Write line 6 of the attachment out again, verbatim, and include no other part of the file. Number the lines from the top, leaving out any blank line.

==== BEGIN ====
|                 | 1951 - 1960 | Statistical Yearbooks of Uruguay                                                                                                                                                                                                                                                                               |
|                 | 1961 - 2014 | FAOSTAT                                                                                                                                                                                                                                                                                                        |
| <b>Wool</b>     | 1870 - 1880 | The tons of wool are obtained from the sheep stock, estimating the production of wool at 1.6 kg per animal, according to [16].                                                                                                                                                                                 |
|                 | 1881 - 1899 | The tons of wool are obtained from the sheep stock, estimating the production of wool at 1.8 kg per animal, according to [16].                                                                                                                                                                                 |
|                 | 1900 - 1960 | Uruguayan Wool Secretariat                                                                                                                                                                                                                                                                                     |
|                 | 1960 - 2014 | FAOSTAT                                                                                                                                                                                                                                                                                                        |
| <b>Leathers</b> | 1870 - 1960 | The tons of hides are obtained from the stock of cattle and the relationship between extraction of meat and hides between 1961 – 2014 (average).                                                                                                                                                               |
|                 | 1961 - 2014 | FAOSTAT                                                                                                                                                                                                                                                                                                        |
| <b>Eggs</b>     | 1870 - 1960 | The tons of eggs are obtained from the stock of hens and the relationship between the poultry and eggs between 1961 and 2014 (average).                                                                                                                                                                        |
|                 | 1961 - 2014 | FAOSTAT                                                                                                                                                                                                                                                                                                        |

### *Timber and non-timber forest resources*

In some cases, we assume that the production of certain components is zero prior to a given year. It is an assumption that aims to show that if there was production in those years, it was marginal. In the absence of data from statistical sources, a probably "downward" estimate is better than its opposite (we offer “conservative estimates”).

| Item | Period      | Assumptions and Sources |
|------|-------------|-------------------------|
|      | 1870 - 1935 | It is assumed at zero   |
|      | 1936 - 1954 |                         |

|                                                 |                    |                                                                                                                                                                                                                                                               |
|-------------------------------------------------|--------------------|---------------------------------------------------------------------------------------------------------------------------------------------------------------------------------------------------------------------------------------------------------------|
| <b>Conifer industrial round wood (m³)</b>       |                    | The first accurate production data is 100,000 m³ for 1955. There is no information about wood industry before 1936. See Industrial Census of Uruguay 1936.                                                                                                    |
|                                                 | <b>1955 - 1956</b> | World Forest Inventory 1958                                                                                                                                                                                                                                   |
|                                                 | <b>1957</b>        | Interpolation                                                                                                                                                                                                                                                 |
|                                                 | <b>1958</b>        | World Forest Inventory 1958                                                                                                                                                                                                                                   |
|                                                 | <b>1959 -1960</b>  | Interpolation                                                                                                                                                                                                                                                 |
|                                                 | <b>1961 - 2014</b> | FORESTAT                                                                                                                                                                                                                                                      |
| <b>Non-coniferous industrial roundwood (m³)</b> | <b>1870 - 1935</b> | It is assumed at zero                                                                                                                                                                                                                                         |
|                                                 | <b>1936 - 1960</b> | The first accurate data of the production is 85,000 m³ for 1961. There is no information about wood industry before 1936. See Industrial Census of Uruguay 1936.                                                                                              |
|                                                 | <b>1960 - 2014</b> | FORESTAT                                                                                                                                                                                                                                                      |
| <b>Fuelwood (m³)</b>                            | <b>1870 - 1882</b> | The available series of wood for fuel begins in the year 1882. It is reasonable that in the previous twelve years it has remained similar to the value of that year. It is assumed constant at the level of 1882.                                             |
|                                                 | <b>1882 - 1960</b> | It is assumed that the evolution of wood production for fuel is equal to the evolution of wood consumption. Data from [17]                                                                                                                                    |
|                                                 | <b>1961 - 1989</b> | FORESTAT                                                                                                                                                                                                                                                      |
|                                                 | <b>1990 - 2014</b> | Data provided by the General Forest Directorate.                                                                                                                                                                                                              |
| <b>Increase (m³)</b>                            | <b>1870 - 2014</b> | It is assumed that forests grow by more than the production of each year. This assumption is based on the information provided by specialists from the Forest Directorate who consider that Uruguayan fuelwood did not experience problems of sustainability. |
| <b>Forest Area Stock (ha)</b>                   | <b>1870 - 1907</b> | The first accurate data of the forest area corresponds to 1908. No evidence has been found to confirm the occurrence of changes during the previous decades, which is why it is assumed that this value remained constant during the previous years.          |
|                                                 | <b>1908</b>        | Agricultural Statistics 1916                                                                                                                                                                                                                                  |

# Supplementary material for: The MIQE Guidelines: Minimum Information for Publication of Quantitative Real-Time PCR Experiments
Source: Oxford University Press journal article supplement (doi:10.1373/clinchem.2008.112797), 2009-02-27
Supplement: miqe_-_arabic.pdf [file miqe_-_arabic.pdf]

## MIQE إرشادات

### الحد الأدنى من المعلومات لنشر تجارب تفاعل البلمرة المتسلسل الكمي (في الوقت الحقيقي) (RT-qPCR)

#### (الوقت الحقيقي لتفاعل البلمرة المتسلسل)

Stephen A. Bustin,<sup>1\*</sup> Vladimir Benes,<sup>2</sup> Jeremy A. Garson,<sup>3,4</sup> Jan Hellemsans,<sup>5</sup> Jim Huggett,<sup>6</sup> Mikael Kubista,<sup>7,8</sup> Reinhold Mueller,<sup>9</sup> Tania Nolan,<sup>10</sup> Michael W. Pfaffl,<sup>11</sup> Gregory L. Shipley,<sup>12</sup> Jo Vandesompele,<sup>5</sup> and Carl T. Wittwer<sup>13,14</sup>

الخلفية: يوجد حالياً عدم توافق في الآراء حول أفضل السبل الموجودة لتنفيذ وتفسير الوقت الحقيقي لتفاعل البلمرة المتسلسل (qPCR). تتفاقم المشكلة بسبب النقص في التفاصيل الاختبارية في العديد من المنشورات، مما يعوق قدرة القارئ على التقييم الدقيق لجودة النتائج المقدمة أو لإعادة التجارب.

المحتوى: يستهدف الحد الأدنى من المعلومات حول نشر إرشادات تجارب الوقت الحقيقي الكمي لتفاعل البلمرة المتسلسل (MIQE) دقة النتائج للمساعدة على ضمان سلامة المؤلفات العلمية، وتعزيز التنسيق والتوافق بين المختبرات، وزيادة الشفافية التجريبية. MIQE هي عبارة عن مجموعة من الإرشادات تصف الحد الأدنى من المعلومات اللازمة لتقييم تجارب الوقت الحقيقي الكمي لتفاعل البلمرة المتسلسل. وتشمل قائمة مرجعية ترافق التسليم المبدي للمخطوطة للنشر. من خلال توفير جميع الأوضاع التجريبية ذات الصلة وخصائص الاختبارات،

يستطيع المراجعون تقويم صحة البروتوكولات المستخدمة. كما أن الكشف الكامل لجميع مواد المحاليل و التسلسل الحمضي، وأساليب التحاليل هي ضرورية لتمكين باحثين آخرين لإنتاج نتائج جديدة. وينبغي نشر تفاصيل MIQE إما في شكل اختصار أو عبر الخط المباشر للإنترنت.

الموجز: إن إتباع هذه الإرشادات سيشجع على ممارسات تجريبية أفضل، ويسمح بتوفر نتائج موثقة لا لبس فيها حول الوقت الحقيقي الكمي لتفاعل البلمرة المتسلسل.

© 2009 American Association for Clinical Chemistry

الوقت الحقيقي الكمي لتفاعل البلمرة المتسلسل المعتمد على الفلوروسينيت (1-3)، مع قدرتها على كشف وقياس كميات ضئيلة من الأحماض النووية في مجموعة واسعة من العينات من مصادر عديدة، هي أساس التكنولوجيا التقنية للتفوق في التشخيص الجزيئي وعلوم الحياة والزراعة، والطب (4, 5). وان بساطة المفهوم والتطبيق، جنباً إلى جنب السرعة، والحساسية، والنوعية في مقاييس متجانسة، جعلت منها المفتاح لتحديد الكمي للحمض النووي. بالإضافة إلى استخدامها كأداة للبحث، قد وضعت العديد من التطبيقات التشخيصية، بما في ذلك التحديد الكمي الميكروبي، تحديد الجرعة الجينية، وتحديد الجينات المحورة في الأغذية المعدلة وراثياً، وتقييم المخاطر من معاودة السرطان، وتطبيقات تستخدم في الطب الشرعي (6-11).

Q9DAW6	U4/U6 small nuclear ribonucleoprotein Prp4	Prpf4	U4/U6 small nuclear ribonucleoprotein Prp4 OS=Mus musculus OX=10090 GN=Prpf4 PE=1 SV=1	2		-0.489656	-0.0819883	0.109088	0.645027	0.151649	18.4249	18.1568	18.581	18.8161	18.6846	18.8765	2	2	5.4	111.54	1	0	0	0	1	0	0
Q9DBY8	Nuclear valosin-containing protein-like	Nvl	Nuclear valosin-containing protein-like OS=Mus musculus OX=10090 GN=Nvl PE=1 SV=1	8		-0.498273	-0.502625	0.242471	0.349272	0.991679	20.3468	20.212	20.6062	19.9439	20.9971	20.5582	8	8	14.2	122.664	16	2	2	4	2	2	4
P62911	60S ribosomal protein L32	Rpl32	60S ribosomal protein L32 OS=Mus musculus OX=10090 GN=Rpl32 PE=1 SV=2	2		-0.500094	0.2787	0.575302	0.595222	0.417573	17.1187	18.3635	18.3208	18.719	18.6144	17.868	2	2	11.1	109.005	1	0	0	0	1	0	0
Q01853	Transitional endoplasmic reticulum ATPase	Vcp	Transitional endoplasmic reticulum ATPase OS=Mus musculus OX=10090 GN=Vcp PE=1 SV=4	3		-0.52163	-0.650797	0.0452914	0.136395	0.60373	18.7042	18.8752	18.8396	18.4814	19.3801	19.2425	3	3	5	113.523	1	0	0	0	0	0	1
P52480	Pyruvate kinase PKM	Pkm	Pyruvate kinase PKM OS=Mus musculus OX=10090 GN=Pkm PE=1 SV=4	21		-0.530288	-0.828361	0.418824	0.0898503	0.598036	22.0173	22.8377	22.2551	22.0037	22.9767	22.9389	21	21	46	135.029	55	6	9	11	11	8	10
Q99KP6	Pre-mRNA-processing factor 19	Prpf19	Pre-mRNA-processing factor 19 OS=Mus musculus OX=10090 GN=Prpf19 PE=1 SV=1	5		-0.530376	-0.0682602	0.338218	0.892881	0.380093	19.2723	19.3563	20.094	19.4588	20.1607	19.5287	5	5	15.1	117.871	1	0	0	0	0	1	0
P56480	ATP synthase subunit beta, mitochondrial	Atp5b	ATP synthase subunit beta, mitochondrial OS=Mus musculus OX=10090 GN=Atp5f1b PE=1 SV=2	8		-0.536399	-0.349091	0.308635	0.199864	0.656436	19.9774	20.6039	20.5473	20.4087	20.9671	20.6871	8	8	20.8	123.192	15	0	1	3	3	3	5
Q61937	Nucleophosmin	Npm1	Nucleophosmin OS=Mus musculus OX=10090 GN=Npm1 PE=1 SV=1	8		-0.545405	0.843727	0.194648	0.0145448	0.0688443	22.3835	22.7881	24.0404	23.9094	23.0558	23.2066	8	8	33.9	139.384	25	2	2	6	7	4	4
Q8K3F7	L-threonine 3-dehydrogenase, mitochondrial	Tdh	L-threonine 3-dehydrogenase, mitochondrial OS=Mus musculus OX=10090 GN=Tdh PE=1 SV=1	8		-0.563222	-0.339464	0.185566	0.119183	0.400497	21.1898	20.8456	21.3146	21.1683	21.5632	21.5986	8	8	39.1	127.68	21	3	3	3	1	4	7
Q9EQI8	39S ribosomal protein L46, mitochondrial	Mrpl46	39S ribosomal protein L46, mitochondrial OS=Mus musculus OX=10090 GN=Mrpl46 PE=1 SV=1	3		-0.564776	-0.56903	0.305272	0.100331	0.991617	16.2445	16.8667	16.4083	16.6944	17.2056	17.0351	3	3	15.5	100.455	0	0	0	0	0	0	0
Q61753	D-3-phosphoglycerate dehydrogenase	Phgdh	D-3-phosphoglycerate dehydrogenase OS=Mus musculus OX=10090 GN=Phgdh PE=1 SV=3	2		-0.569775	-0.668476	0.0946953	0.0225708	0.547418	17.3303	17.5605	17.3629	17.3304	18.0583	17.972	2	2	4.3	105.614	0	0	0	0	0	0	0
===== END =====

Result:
|                 | 1960 - 2014 | FAOSTAT                                                                                                                                                                                                                                                                                                        |